Queensland State Archives are at 435 Compton Road, Runcorn in Brisbane.
I had the pleasure of researching at the Queensland State Archives while I was in Brisbane recently. These tips are for anyone who lives outside Brisbane who wants to research at the Archives and make the best use of their time:
1. Lockers for suitcases
Luggage locker at Queensland State Archives.
The first thing an out-of-Brisbane researcher needs to know about the Queensland State Archives is that there are two lockers big enough to store a small suitcase. This means you can save time by heading to the Archives as soon as you arrive in Brisbane without visiting your hotel to drop off your luggage first. Remember to bring a one dollar coin to use the locker. You receive the coin back when you have finished with the locker.
2. You cannot order items in advance of your visit, but you can do some preparation in advance
The second thing an out-of-Brisbane researcher needs to know about the Queensland State Archives is that you cannot order items before you arrive. This is sad, but the reason this facility is not available is sadder still. Unfortunately researchers were ordering items and then not showing up. Like all archives, the Queensland State Archives does not have enough staff and they certainly cannot afford to waste staff time by retrieving items for people who do not show up. This is a lesson for all researchers. Sometimes we order stuff and are unavoidably prevented from visiting the archives eg illness. But it is important that if we order stuff we make every effort to use it. It would be a shame if other archives have to withdraw the facility of ordering items in advance.
But you can still make the best use of your time by preparing for your isit. Before you arrive at the Archives make a list of all the Item ID numbers for the records you want. When you arrive at the Archives, go straight to the computers in the reading room where you can order the items. Use the ‘Retrieve Using ID’ facility in the catalogue and lodge the order. You can order items whenever you want and are not bound by a timetable for getting orders in at certain times during the day like at some archives. Items arrive in a reasonable time. It all works smoothly and the desk staff are very helpful.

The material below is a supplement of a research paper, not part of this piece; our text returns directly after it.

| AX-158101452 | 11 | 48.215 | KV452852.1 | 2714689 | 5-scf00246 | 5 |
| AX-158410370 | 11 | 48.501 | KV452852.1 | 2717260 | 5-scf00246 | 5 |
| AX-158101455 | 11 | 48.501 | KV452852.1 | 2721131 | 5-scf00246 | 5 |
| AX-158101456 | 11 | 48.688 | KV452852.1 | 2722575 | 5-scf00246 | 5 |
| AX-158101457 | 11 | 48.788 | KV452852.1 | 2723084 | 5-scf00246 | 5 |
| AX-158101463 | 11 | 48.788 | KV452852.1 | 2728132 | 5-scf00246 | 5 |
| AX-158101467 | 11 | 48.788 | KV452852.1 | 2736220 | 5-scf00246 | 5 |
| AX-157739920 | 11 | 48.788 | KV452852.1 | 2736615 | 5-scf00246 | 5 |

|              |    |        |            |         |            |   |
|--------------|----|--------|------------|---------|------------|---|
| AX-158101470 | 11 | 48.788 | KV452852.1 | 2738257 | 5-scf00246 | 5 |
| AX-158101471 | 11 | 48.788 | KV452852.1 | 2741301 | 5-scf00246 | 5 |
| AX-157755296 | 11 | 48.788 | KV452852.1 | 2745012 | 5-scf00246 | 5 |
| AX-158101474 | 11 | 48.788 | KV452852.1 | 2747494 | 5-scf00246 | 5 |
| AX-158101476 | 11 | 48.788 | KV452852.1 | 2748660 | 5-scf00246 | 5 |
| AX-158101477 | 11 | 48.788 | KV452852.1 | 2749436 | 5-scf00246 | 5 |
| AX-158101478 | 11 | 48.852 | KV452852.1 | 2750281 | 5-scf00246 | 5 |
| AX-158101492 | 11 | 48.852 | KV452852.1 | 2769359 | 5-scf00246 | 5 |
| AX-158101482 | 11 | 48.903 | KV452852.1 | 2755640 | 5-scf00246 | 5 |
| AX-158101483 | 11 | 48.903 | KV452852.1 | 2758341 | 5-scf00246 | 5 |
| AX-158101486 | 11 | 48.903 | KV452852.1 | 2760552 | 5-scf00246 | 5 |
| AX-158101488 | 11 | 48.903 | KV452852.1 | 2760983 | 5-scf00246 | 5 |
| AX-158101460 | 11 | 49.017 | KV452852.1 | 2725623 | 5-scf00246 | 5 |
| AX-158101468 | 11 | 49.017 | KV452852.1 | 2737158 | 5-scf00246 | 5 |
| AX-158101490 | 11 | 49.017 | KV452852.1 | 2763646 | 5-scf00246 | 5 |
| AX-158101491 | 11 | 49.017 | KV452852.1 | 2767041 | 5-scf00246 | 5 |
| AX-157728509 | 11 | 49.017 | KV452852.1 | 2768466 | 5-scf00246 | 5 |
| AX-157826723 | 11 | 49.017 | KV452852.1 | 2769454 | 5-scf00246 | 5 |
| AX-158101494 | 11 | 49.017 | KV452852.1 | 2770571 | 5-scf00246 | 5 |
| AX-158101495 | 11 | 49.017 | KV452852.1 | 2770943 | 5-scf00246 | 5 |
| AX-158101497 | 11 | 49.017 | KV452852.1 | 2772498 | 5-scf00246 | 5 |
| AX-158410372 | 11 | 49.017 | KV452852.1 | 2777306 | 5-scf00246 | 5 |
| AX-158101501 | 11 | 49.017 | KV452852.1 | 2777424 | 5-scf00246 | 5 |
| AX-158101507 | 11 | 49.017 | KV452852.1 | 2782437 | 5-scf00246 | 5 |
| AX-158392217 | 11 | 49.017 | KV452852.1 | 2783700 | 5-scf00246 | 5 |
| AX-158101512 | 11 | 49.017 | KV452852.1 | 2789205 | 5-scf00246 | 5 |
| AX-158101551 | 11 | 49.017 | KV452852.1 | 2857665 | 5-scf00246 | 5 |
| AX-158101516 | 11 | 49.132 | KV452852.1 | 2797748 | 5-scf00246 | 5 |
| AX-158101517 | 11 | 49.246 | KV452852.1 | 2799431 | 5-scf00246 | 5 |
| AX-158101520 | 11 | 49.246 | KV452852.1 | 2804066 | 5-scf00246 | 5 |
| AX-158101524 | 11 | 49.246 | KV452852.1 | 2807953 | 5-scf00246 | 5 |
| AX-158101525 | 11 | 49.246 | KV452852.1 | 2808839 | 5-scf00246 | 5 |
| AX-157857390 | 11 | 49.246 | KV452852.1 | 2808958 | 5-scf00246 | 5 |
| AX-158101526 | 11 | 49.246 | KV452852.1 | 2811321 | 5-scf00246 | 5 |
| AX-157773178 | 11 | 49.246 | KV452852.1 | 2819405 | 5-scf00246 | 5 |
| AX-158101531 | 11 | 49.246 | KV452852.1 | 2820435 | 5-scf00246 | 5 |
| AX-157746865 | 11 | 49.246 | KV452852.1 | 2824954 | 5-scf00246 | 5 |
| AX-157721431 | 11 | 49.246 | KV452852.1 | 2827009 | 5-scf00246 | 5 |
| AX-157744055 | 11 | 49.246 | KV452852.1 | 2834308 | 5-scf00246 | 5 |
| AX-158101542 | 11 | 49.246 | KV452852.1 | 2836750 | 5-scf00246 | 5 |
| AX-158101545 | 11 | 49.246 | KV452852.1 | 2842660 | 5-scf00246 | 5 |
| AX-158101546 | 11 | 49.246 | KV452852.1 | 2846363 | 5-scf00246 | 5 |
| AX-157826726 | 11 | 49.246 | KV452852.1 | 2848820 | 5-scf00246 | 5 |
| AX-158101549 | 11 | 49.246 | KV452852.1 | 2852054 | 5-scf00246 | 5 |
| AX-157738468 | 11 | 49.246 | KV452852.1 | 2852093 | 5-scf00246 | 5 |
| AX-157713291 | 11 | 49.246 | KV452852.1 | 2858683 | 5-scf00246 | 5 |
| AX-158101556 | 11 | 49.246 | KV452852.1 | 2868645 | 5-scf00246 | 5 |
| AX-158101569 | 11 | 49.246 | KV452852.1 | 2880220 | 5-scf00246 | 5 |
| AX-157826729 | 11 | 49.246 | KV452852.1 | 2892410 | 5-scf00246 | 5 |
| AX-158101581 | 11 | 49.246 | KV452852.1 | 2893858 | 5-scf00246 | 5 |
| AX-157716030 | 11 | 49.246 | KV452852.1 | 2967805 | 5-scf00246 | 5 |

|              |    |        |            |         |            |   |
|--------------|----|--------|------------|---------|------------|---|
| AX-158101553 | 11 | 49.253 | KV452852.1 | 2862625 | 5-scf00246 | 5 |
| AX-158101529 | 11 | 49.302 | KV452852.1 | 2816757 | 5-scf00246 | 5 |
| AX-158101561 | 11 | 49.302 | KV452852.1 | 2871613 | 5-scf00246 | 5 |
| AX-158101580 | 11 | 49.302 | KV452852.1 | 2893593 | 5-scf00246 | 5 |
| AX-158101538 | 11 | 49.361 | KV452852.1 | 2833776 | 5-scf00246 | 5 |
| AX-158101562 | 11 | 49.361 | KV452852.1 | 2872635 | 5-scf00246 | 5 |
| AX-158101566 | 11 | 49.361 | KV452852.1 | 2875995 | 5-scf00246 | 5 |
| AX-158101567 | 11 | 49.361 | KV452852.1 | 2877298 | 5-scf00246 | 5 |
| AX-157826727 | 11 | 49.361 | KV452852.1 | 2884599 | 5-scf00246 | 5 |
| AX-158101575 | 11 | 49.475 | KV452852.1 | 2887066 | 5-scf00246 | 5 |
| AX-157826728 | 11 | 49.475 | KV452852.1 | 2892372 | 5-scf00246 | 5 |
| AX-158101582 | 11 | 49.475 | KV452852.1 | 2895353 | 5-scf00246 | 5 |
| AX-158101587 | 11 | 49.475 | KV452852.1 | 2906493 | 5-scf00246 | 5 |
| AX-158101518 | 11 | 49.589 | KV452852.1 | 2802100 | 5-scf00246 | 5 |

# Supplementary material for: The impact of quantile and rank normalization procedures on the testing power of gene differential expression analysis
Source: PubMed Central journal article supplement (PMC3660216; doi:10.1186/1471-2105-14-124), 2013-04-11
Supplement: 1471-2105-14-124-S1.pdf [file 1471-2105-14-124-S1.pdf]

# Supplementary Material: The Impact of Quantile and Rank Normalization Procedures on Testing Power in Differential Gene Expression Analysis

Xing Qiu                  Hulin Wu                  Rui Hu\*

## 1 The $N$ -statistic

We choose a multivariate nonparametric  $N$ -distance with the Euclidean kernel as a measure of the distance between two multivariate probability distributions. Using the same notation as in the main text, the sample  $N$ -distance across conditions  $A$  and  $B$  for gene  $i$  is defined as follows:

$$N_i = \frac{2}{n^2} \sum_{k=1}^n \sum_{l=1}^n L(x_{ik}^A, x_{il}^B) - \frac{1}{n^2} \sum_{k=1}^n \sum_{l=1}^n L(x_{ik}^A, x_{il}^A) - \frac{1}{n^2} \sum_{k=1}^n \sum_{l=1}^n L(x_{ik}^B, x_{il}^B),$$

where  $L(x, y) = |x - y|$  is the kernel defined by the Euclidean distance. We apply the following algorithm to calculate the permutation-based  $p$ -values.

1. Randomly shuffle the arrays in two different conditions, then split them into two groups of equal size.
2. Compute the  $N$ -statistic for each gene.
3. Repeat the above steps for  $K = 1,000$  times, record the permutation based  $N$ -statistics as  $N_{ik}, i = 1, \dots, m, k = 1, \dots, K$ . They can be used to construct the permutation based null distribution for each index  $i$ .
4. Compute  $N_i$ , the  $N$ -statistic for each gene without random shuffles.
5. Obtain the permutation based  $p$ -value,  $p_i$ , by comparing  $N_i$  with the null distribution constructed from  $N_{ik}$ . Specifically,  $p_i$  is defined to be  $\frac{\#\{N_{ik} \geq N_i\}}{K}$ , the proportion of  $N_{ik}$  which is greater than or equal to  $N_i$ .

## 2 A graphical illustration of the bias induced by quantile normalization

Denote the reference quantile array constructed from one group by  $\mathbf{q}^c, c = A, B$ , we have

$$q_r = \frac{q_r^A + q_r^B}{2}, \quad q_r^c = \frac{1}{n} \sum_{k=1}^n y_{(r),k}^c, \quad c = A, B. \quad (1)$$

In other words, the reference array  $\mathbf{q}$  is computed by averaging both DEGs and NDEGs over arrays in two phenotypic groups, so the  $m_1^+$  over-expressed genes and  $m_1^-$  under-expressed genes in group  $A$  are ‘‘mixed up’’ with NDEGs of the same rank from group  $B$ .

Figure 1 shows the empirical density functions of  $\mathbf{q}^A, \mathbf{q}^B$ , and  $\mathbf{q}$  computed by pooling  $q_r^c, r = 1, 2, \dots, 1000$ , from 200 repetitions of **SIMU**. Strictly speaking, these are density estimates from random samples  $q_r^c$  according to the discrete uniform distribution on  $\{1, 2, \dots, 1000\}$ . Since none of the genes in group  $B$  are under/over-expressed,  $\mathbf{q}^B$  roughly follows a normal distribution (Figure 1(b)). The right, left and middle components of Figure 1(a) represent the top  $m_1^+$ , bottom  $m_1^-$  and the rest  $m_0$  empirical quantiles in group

While you are waiting for your items to arrive go to the microfilm room and look at any microfilms that you need. Continue reading
Like children in many parts of the world, Queensland children were affected by the Great War. This cover of the weekly newspaper, The Queenslander from 1st December 1917, is captioned, “The Spirit of the Times”. Image courtesy of State Library of Queensland.
Over the last few weeks I have returned to my research roots. I have been exploring the history of Brisbane from the turn of the twentieth century to the beginning of the Depression. My client is interested in the life story of a man who was born in Brisbane in the early twentieth century who moved to Sydney as an adult. He went on to work in East Asia during World War II and then became a successful business man. It is a pleasure to be part of such an interesting multi-national, collaborative project.
Once again I have been exploring the education history of the time, the politics, the culture and the experiences of young people growing up in Brisbane during this era. Fortunately I still have the references and workings for my honours thesis which was about Queensland’s Bible in State Schools Referendum held in 1910. Some of the work I did on that is relevant for my current research.
I gladly left our sodden house for a research trip to Brisbane – what a delight to have working lights and a good internet connection for a few days! I immersed myself in old records the Queensland State Archives and the State Library of Queensland as well as exploring the local area where our man had grown up. A good sense of place is important if an historian to portray the history well. There is nothing like walking the streets and visiting the places which are the sites of the history that is being researched. Continue reading
Stumbling Through History Links is a new page on this blog with over one hundred links to useful Australian history resources. I hope that these will assist you with whatever historical research you are doing, whether you are researching family history or local history, school or academic work. Nearly all the resources listed are free to anyone with an internet connection.
These links used to appear on the right-hand-side of my blog but your responses to my last post were clear. Those who commented said that the links were valuable but most people had not noticed them. Even when I drew attention to them in my last post, some still found them hard to find. Fair enough. Even I was not using these resources enough.
Over the last day I have copied all the links into the page. By categorising them by topic and by region some gaps became evident. I have added some new links to resources which I have found useful in my research over the years. Continue reading